Hillary Clinton's 'Medicare for More' has both pros and cons, studies find

The Democratic presidential candidate’s campaign proposal would make uninsured Americans eligible for Medicare at age 50 or 55. Whether that will be financially advantageous is a matter of some debate. 
By Susan Morse
10:42 AM
Hillary Clinton Bernie Sanders Donald Trump Medicare for More campaign

Hillary Clinton has been campaigning on her Medicare for More proposal to give Americans younger than age 65 the option to buy into the Medicare program since first announcing it this month. And now a study has looked at the plan’s upsides and downsides.

The Democratic presidential candidate proposes allowing middle-aged Americans, starting at age 50 or 55, who are currently uninsured, or who have coverage through private plans or the Affordable Care Act marketplaces, to become eligible for Medicare.

Experts have since speculated about how it would align with existing insurance coverage options.

Avalere said in a report that the cost to beneficiaries could be higher if they bought in at a younger age, mainly because Medicare offers no financial out-of-pocket cap on services.

Also, consumers receiving coverage through the exchanges may get savings from premium and cost sharing subsidies. At this time, it is not clear to what extent these subsidies would be applied to Medicare coverage under Clinton's plan, Avalere said.

Medicare could provide healthcare more cheaply than private insurance due to the sheer size of its pool of beneficiaries, however, and having younger workers and retirees help fund the program through premiums might also help offset the higher costs Medicare incurs to care for the oldest and sickest beneficiaries, according to BenefitsPro.

Many employers would welcome the prospect of no longer having to provide coverage for their oldest employees and retirees, according to BenefitsPro. Companies that offer coverage to retirees under the age of 65 pay an average of $13,000 for the plans, according to a Mercer study, BenefitsPro said.

According to Mercer, the percentage of employers that offer pre-Medicare retiree health plans has dropped from 46 percent in 1993 to 28 percent, and those that offer some type of health benefit to Medicare-eligible retirees has  declined from 40 percent to 21 percent.

An estimated 7 million, or 11 percent of those age 50 and over remained uninsured as of 2014. Another 5.9 million, or 9 percent were insured in the individual market, according to the Avalere study.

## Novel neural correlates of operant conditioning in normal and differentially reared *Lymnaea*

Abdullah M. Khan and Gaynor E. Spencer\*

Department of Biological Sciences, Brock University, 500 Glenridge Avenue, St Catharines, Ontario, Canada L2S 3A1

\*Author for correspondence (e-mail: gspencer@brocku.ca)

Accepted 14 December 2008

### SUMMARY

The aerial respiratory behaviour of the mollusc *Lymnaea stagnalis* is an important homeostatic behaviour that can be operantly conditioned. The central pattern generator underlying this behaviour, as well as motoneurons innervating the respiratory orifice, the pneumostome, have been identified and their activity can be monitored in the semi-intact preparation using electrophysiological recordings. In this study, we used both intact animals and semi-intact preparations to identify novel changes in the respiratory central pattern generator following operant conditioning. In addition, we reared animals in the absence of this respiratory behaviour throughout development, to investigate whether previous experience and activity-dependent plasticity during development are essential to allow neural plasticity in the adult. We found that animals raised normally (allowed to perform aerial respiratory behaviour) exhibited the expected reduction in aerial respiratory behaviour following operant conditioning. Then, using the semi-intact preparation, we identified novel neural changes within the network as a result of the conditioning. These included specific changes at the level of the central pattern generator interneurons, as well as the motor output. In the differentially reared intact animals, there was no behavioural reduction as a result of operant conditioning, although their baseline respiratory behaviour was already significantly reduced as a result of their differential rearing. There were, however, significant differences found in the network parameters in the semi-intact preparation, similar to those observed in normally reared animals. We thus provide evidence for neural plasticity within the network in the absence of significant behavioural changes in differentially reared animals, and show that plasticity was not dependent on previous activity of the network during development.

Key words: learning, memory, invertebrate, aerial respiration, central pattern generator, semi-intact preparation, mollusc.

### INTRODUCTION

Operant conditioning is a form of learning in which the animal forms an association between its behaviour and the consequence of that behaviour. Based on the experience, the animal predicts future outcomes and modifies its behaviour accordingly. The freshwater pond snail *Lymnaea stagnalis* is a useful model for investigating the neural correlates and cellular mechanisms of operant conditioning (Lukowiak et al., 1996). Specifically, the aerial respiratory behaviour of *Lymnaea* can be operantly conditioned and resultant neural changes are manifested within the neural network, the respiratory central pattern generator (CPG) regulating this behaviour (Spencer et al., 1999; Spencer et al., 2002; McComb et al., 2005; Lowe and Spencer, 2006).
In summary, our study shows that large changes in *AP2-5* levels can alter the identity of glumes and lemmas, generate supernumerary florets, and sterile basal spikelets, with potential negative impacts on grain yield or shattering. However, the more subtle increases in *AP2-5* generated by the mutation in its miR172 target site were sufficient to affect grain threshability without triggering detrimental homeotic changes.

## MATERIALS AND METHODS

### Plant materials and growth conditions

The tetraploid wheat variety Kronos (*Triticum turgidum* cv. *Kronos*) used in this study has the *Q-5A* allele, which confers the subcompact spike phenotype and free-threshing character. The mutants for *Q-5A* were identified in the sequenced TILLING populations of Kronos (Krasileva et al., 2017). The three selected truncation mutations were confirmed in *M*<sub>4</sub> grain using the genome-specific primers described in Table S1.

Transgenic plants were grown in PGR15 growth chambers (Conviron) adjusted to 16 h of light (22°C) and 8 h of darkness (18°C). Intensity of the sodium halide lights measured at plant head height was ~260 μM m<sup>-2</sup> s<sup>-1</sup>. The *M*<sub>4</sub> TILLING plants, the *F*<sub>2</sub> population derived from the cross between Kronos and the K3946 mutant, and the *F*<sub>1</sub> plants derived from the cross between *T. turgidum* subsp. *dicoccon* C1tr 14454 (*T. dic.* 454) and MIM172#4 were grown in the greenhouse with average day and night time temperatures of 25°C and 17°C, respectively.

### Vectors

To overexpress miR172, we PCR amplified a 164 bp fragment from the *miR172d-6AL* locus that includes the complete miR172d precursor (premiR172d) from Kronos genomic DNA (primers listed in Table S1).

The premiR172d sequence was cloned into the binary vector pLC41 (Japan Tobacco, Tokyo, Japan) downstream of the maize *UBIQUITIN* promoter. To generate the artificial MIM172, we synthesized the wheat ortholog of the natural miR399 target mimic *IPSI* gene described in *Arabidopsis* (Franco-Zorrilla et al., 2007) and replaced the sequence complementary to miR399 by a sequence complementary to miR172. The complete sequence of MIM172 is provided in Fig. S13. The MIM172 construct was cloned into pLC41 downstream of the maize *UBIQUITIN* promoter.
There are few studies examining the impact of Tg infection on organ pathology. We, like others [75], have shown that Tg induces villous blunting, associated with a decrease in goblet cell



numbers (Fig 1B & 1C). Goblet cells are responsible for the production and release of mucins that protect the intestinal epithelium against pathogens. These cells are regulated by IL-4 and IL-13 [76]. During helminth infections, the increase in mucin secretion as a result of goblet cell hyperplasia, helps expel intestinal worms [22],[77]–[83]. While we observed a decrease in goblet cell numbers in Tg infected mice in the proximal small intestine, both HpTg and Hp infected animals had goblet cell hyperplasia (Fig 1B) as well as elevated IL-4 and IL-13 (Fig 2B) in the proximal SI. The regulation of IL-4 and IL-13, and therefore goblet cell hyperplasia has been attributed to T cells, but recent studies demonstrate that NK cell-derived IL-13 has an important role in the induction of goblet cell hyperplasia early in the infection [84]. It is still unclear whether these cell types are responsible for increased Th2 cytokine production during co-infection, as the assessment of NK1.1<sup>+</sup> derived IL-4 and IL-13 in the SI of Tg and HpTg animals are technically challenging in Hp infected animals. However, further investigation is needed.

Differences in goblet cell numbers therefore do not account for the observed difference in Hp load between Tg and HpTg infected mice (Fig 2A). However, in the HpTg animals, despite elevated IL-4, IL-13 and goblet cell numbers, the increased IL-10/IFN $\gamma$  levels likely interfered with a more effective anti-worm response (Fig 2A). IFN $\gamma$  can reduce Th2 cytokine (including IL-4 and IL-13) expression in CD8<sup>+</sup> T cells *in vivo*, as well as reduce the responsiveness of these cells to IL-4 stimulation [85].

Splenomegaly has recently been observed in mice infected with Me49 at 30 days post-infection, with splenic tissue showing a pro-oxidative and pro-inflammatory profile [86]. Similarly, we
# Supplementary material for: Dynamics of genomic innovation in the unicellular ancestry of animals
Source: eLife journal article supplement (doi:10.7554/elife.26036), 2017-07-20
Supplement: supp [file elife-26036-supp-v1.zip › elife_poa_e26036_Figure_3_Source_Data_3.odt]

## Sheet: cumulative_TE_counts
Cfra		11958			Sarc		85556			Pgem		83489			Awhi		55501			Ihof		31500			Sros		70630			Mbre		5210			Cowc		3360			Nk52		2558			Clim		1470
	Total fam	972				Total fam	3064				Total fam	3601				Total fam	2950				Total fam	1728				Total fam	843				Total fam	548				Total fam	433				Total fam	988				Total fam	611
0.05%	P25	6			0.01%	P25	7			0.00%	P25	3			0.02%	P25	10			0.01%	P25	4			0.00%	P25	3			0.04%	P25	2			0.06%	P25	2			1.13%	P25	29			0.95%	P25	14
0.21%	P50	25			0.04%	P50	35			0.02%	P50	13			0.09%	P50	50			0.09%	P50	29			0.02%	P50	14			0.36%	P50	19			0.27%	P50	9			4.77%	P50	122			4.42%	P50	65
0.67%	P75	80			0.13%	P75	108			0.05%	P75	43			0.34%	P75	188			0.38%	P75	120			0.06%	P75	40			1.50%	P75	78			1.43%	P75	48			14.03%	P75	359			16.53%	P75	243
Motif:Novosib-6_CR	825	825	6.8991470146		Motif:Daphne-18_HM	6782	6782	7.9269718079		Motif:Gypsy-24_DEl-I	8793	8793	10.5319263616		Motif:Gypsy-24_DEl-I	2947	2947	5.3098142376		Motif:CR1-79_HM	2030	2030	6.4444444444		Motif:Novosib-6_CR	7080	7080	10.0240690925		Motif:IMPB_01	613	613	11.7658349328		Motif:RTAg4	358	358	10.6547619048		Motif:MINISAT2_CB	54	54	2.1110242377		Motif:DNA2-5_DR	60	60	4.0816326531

Pre-Medicare aged adults have been one of the demographic groups most attracted to the exchange market, Avalere said. In 2016, nearly half, or 47 percent of exchange enrollees are 45 or older, with 26 percent 55 and older.

"Despite exchanges attracting millions of Americans 50 and over, millions more remain uninsured. While individuals are likely to stick with employer coverage if they currently have it, this proposal may give consumers another option to become insured," said Elizabeth Carpenter, senior vice president at Avalere. 

Avalere experts say it is not immediately evident that Medicare coverage would be a better option for all people over 50.

Traditional, fee-for-service Medicare tends to offer a broader network of providers and lower deductibles relative to unsubsidized exchange products.

However, consumers enrolling in Medicare may have higher costs and more benefit limits than with exchange products.

Both employer and exchange plans feature an annual cap on how much consumers could pay in out-of-pocket costs. Medicare has no similar out-of-pocket cap, so beneficiaries with high healthcare costs could end up paying more.

Medicare charges beneficiaries 20 percent of the total cost for all Part B services, which includes physician visits, lab tests, physician-administered drugs, and durable medical equipment. While some beneficiaries purchase Medigap policies to reduce these costs, those policies can be expensive--costing an average of $183 per month in 2010, Avalere said.

Drug benefits could be less generous under Medicare. While drug coverage varies widely by plan, formulary breadth in Medicare Part D plans is more limited than in silver exchange plans on average, the Avalere study said.

For instance, across 22 classes of commonly used drugs, formularies for exchange plans cover 85 percent of all drugs, while Medicare Part D plans cover only 70 percent.

"Consumers would need to weigh the relative benefits of exchange products compared to Medicare based on their particular situation," said Caroline Pearson, senior vice president at Avalere. "Due to the unique characteristics of the Medicare program, some individuals might experience higher costs or more limited drug coverage compared to other insurance options."

Twitter: @SusanJMorse

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